I agree with Sharansky that democracy is for everyone. Most people want to have control over their lives, and that is the general point of democracy. I may frequently demean our attempts at democracy, but I find the pure concept appealing. Those who say that Arabs or other groups don't want or aren't ready for democracy miss the point that it takes any group of people time to adjust to a new system.

In my mind, what it comes down to is whether you want to be able to redress your grievances. Do you want to live in a system where people running the government can do whatever they want -- take your family, your property, or make arbitrary decisions about where you can travel? No. Everyone wants accountability. No ones wants to live in a perpetual state of being bullied. How much we want it depends on how much it costs (in effort as well as dollars)

At any rate, I largely agree with Sharansky on the power of freedom and importance of democracy. That being said, he writes like someone who spent way too much time being imprisoned by the Soviets. This is because he spent way too much time being imprisoned by the Soviets. The man is obsessed with ideas of political freedom to the detriment of all other aspects of life and security. This obsession leads him to poor conclusions regarding the power of freedom.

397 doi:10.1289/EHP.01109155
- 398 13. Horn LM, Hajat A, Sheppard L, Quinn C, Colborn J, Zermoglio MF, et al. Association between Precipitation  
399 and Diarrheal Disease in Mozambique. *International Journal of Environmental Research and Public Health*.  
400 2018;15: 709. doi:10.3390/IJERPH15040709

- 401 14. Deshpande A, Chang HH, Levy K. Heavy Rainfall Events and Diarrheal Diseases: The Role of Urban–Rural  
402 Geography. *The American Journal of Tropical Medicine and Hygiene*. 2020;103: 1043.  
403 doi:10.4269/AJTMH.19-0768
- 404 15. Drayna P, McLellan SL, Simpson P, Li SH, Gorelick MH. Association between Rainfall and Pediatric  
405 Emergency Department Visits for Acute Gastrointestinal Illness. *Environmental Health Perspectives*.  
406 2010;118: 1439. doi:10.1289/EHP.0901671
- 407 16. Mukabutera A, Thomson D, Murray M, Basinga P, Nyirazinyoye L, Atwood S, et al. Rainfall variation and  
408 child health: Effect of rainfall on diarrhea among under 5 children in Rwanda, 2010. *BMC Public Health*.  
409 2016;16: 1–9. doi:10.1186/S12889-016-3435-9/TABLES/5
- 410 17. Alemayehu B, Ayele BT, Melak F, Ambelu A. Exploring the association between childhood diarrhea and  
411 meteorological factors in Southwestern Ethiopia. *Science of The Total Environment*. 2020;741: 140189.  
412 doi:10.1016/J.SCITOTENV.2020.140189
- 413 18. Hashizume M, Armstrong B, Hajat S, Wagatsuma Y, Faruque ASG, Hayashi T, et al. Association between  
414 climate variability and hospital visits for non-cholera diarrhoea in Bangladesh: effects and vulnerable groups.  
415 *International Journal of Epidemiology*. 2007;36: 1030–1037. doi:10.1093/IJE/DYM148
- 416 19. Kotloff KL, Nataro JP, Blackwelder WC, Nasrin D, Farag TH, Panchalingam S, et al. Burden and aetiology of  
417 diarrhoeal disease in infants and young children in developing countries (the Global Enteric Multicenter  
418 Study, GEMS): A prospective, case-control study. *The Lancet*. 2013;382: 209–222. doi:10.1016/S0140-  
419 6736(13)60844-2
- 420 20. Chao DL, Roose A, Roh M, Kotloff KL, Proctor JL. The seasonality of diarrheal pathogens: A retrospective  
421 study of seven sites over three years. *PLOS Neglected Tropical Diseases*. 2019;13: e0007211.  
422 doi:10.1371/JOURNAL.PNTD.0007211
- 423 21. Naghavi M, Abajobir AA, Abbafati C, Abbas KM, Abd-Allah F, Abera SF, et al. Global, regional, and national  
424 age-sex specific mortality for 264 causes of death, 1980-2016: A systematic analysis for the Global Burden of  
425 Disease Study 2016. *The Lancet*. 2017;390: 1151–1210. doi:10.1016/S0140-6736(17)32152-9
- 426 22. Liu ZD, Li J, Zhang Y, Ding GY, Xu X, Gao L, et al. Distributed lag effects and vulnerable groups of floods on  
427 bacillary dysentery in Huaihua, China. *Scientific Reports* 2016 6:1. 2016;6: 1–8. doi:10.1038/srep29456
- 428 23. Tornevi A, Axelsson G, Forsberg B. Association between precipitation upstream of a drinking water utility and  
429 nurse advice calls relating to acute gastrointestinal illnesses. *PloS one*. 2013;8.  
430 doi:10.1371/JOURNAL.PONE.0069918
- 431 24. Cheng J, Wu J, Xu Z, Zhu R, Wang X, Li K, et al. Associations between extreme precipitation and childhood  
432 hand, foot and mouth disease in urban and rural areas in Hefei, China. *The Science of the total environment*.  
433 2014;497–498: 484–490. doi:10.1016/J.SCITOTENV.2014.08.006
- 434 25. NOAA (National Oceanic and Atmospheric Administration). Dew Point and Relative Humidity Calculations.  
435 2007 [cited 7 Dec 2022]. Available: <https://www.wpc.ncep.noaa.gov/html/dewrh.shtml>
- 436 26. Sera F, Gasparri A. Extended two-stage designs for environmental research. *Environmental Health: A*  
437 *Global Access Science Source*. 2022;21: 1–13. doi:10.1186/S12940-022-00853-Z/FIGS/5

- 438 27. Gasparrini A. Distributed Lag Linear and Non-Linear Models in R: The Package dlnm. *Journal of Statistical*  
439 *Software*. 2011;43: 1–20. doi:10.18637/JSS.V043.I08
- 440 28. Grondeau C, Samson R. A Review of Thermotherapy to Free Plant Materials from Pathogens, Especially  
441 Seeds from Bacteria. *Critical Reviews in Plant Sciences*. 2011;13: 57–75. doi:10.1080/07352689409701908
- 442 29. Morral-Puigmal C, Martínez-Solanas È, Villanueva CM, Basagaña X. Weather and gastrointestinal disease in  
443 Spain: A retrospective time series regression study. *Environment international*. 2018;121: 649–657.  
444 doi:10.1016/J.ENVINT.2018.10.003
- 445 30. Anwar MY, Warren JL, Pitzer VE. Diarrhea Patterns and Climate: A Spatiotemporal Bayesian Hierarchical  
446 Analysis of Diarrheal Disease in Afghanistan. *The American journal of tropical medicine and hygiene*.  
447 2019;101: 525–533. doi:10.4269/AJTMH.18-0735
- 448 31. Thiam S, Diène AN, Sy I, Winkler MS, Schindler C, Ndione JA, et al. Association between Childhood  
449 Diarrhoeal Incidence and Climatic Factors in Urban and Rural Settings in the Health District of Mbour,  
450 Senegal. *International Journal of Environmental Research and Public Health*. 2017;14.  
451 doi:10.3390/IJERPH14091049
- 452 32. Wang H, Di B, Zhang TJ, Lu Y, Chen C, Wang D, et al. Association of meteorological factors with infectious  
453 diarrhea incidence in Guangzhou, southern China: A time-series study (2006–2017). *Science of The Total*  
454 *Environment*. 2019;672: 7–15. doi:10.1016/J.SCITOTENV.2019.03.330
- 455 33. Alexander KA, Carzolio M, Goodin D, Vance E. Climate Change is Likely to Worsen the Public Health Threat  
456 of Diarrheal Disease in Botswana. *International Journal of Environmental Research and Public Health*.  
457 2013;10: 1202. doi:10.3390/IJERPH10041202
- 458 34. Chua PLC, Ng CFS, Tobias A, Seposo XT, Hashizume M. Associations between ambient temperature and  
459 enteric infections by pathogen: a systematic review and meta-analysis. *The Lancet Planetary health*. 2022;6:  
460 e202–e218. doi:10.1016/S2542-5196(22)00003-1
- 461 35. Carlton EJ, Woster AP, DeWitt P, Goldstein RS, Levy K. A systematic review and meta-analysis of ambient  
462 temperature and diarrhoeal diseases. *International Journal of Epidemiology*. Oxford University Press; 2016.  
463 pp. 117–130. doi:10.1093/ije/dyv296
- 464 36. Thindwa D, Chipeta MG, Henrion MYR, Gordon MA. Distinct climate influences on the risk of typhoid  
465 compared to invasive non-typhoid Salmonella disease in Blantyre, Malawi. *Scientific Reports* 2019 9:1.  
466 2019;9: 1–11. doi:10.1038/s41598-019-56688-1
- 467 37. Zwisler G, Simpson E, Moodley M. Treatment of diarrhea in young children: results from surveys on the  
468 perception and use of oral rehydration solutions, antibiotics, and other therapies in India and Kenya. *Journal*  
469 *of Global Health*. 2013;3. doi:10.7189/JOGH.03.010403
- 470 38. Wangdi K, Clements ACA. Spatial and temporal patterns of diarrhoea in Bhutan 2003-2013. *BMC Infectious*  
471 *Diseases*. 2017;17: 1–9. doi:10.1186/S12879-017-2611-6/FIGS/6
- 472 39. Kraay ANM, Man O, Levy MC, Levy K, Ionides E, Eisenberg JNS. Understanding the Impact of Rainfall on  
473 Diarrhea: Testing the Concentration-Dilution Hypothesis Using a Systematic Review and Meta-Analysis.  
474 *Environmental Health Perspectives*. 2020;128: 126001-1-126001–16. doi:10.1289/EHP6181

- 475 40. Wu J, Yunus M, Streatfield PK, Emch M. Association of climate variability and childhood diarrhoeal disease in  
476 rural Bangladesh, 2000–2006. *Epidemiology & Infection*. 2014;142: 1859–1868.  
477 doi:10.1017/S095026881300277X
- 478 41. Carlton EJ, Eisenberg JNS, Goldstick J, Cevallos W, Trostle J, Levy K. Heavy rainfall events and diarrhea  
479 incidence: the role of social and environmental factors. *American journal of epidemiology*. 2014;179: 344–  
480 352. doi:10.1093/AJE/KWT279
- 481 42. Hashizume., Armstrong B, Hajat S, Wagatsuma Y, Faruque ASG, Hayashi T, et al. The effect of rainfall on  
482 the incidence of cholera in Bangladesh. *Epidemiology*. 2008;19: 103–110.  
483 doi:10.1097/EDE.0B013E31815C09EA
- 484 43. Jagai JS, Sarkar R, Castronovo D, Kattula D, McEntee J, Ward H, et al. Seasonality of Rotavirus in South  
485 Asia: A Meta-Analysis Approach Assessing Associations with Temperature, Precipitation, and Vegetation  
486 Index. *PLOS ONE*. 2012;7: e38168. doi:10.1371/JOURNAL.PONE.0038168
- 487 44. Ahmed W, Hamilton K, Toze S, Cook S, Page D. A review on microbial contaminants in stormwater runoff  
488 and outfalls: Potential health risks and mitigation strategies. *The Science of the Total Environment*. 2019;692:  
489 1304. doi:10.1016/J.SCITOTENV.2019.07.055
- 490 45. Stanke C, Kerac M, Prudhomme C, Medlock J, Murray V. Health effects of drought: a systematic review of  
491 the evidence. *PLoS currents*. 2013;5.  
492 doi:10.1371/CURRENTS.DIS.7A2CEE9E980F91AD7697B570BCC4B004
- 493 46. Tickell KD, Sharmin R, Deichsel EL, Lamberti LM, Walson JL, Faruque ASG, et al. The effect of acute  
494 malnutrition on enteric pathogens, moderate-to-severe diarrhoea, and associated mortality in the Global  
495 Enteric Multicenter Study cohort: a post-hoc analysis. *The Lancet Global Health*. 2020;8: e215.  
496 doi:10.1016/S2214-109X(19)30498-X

Much of his book juxtaposes a "fear" society to a "free" society. Free societies recognize the basic liberties of all citizens though they may not have achieved justice. For example, in the U.S., we have a Bill of Rights. We sure don't respect it, but we have recognized it in ways that despotic regimes do not.

A society is free if people have a right to express their views without fear of arrest, imprisonment, or physical harm.

Thus, he uses 'free' in a totally political sense. This makes sense, because we have long associated freedom with political freedom. However, many have noted that freedom has little meaning for those who are hungry and unemployed. Perhaps conceptual freedom should have some aspect of economic security tied into it. Otherwise, according to Kris Kristofferson (popularized by Janis Joplin), it just means having nothing left to lose.

By contrast, a fear society does not offer political freedoms. In a fear society, you cannot speak your mind. If you do, you may find yourself and/or your loved ones abducted in the middle of the night by government agents.